Our proposed model postulates that the human neocortex is composed of an array of approximately one million cortical columns that, combined with related subcortical nuclei, form cortical computational units (CCUs), as shown in Figure 1.

Figure 1. In the posterior cortex, a cortical hypercolumn and its underlying thalamic nucleus comprise a CCU, which consists of a set of processors that execute procedures based upon sensory inputs to establish and maintain the attributes, state, membership criteria, and relational pointers in a CCU frame.

Each CCU contains a data frame plus a set of processes that acquire and maintain the information stored in the frame slots. Each CCU frame contains slots for attribute values, state representations, and pointers that link the self-CCU to other CCUs in a variety of relationships. In the sensory processing regions of the brain, CCUs represent entities or events that are linked together in networks that group signals and pixels into situations and episodes. In the behavior-generating regions of the brain, CCUs represent tasks and goals that are linked in networks. Goals and priorities are decomposed into plans and behaviors that can be transformed into signals to muscle fibers to effect action.1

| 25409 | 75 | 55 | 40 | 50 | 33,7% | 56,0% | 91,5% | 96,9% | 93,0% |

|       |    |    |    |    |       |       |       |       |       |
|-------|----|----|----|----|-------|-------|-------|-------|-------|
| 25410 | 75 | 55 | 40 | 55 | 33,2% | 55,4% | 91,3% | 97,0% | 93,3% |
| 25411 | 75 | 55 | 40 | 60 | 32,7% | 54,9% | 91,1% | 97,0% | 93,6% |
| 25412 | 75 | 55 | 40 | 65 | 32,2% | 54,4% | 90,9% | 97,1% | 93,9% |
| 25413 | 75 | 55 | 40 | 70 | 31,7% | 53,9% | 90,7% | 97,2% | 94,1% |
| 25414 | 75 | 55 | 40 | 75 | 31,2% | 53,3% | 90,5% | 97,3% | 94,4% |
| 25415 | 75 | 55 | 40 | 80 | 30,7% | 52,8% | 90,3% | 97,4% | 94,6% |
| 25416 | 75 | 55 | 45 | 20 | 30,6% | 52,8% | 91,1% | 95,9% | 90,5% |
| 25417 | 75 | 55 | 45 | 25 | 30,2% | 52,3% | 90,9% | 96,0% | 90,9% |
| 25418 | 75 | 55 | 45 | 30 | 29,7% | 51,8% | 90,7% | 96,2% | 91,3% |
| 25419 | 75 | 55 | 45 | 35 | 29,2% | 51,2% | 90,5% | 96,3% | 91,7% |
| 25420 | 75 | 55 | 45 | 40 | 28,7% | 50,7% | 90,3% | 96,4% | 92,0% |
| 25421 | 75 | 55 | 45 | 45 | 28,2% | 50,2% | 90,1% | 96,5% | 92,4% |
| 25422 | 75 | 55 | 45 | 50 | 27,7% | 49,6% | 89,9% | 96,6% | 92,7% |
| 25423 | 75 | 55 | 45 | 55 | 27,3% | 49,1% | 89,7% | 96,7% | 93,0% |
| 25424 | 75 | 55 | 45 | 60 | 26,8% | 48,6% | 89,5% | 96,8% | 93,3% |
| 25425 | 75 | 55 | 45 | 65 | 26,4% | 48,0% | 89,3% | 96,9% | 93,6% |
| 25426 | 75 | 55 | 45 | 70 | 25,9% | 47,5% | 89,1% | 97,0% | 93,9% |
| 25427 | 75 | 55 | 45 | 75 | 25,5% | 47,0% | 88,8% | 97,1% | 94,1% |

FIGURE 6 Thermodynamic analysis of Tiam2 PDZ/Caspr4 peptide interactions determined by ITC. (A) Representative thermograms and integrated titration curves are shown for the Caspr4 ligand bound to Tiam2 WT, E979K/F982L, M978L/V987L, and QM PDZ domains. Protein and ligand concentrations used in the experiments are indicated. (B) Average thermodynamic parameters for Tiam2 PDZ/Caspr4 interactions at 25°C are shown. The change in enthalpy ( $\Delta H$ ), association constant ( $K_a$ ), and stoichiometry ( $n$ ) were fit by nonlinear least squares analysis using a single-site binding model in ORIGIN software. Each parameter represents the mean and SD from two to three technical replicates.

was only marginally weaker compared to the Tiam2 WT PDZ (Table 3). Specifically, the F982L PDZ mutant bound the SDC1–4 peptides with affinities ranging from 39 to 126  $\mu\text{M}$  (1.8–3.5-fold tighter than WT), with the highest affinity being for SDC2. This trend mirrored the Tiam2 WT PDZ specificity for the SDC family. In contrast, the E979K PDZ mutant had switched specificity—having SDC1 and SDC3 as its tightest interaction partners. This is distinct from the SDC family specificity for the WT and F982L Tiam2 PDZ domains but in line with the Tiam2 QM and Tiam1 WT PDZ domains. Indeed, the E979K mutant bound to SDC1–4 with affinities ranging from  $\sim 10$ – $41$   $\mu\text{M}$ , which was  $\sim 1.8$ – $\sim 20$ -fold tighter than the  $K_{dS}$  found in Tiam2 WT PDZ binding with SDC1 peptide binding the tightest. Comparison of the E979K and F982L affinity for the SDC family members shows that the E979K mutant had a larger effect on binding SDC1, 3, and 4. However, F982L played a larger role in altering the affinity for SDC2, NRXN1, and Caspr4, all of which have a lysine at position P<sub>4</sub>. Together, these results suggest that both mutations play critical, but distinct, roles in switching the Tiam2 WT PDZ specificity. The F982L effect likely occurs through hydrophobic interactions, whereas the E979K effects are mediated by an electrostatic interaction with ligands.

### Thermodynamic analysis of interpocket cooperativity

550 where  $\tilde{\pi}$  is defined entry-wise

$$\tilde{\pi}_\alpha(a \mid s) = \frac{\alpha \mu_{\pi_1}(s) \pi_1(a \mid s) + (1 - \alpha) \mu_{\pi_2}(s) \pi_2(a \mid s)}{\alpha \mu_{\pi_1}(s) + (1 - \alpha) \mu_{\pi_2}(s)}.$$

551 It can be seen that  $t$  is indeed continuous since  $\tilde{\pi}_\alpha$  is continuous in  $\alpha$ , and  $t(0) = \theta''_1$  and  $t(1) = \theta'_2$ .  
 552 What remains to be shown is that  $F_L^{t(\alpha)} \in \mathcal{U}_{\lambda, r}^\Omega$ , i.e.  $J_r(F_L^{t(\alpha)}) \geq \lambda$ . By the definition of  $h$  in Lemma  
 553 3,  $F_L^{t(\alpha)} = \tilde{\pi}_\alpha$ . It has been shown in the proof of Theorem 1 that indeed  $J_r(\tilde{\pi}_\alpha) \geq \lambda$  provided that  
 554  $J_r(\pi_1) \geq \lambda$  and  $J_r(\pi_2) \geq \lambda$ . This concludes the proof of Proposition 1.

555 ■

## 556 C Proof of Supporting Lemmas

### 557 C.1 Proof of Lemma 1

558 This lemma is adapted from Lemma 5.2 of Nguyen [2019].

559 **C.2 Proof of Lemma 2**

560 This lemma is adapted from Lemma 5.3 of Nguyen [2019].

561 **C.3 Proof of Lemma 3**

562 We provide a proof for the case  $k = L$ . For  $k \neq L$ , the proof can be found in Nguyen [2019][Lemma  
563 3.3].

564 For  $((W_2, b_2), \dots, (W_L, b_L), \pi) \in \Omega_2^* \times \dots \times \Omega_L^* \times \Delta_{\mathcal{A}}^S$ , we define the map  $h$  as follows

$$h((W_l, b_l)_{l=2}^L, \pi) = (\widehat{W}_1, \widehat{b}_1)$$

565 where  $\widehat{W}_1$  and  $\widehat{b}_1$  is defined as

Many of the theoretical elements underlying the CCU model have been implemented in intelligent control systems. Examples include the control of automated factories and postal facilities, numerical control machining centers, water-jet cutting machines, autonomous undersea vehicles, and unmanned ground vehicles during off-road and on-road autonomous driving experiments.2,3

Our model integrates experience from the fields of robotics and automation, new information from neuroscience, and existing knowledge from computer science and systems engineering. A novel feature is that it hypothesizes that cortical columns, together with their underlying subcortical nuclei, form computational modules that possess the computational power of general purpose computing machines. Therefore, they can complete arithmetic and logical operations, memory storage and retrieval, indirect addressing, and sequential processing.

Our model suggests that the human neocortex might be emulated by a million CCUs. Estimates of the computational power required to implement a typical CCU in real-time suggest that the computational power to achieve this already exists in modern supercomputers. If this is correct, within two decades it might be possible to emulate the amazing powers of the human brain on lap-top machines.

There are, of course, many steps to take before a theoretical model can be implemented in practice. This theory has been formulated from an extensive survey of the literature. It is one of the most comprehensive theories developed, but it still needs to be experimentally tested. Any early theory of this scope is bound to be over-simplified in some details, and verification is likely to require a research program costing many tens of millions of dollars over several decades.